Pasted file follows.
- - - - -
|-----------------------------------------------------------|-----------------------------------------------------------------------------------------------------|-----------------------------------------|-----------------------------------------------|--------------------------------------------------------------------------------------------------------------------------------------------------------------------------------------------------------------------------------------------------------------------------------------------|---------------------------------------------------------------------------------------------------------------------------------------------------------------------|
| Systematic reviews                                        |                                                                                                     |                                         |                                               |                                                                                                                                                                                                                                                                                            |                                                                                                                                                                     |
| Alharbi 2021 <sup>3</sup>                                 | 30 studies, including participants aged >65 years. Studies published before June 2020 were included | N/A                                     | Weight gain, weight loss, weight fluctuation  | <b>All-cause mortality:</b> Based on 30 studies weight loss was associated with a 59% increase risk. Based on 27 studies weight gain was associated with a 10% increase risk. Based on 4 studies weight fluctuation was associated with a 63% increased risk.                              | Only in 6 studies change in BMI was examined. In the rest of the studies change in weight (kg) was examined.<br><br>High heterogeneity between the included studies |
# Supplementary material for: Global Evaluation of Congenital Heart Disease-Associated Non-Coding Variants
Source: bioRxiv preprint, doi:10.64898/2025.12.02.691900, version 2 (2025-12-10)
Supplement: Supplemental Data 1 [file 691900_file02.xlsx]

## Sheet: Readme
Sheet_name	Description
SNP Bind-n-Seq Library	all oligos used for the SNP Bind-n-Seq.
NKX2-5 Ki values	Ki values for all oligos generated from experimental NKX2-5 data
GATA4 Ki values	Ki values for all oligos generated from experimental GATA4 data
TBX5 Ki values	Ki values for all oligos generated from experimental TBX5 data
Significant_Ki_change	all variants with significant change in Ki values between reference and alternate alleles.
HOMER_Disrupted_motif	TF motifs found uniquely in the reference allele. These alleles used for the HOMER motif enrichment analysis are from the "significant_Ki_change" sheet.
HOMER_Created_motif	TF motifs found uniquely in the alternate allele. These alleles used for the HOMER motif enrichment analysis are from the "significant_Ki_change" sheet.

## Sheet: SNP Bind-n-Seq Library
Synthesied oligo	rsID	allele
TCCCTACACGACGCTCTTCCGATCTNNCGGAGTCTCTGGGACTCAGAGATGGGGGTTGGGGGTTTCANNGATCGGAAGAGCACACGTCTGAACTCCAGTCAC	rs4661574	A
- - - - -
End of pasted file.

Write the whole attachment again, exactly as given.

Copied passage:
|-----------------------------------------------------------|-----------------------------------------------------------------------------------------------------|-----------------------------------------|-----------------------------------------------|--------------------------------------------------------------------------------------------------------------------------------------------------------------------------------------------------------------------------------------------------------------------------------------------|---------------------------------------------------------------------------------------------------------------------------------------------------------------------|
| Systematic reviews                                        |                                                                                                     |                                         |                                               |                                                                                                                                                                                                                                                                                            |                                                                                                                                                                     |
| Alharbi 2021 <sup>3</sup>                                 | 30 studies, including participants aged >65 years. Studies published before June 2020 were included | N/A                                     | Weight gain, weight loss, weight fluctuation  | <b>All-cause mortality:</b> Based on 30 studies weight loss was associated with a 59% increase risk. Based on 27 studies weight gain was associated with a 10% increase risk. Based on 4 studies weight fluctuation was associated with a 63% increased risk.                              | Only in 6 studies change in BMI was examined. In the rest of the studies change in weight (kg) was examined.<br><br>High heterogeneity between the included studies |
# Supplementary material for: Global Evaluation of Congenital Heart Disease-Associated Non-Coding Variants
Source: bioRxiv preprint, doi:10.64898/2025.12.02.691900, version 2 (2025-12-10)
Supplement: Supplemental Data 1 [file 691900_file02.xlsx]

## Sheet: Readme
Sheet_name	Description
SNP Bind-n-Seq Library	all oligos used for the SNP Bind-n-Seq.
NKX2-5 Ki values	Ki values for all oligos generated from experimental NKX2-5 data
GATA4 Ki values	Ki values for all oligos generated from experimental GATA4 data
TBX5 Ki values	Ki values for all oligos generated from experimental TBX5 data
Significant_Ki_change	all variants with significant change in Ki values between reference and alternate alleles.
HOMER_Disrupted_motif	TF motifs found uniquely in the reference allele. These alleles used for the HOMER motif enrichment analysis are from the "significant_Ki_change" sheet.
HOMER_Created_motif	TF motifs found uniquely in the alternate allele. These alleles used for the HOMER motif enrichment analysis are from the "significant_Ki_change" sheet.

## Sheet: SNP Bind-n-Seq Library
Synthesied oligo	rsID	allele
TCCCTACACGACGCTCTTCCGATCTNNCGGAGTCTCTGGGACTCAGAGATGGGGGTTGGGGGTTTCANNGATCGGAAGAGCACACGTCTGAACTCCAGTCAC	rs4661574	A